Have you ever wondered how a wind turbine works, & why they are so good for the environment compared to Nuclear, fracking, & typical fossil fuels?
Onshore wind farms reduce CO2 emissions, provide energy security, (keeping the lights on). Research conducted by RenewableUK and the Department of Energy and Climate Change (DECC) has shown that for each installed megawatt (MW), around £100,000 stays in the community during the lifetime of a project.
Onshore wind works well in the UK because of the excellent wind resource. It has also become one of the most cost effective forms of renewable energy, providing over 5,000MW of capacity. A modern 2.5MW (commercial scale) turbine, on a reasonable site, will generate 6.5 million units of electricity each year – enough to make 230 million cups of tea.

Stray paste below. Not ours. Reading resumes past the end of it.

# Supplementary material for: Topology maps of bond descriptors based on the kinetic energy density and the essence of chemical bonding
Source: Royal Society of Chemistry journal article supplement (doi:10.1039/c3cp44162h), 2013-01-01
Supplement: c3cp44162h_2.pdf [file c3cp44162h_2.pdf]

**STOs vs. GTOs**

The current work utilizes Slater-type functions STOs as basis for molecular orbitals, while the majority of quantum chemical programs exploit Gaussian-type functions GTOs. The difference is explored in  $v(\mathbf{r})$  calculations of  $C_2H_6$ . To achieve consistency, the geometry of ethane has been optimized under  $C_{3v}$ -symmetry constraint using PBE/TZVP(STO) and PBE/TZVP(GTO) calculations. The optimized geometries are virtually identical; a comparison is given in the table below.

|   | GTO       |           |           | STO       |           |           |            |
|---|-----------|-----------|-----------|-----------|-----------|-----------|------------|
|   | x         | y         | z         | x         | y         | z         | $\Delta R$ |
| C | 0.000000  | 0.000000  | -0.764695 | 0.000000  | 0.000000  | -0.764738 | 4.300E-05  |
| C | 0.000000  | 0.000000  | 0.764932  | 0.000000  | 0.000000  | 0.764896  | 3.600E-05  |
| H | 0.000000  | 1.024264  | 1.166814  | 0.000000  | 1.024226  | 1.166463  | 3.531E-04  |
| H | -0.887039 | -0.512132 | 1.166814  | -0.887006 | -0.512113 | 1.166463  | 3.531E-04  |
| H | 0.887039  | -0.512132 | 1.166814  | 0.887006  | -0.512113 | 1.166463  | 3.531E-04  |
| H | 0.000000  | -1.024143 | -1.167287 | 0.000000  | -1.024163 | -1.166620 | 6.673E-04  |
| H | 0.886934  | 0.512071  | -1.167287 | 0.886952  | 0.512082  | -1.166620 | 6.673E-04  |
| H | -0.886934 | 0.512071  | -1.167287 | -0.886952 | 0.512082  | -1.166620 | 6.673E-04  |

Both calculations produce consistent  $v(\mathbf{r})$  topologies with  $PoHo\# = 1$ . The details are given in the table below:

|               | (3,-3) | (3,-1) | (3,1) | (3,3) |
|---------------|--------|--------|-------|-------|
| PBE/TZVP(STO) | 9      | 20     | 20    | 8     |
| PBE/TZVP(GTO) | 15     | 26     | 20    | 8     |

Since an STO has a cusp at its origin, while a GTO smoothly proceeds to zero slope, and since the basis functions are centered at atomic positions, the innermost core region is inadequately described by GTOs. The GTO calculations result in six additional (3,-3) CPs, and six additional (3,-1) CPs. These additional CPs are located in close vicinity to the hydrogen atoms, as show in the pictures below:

Opinion polls consistently show high levels of support for onshore wind in the UK, with higher support in rural areas. In the UK, there are numerous onshore wind projects, ranging from single turbines to larger, multi-turbine schemes (see below for further details). Projects are developed by an increasingly diverse range of people, from large energy companies and independent developers, to community groups or small businesses and farms.
How it Works
Most wind turbines start operating at a speed of 4-5 metres per second and reach maximum power at about 15 metres per second.
A Typical Wind Turbine
A typical wind turbine consists of the following components:
Unlike lots of other power sources, when a wind turbine comes to the end of it's useful life, you can simply replace it using the same footprint of land, recycling the bits & pieces used to make it.
Some areas of the country hve "community" wind farms, they use government money (a bit like the "Ramsey millions" to build turbines that can support their whole community with energy, & make money by selling the electricity produced back to the national grid.
We know we have enough wind around Ramsey, so why don't we do this in our community? ...what do you think?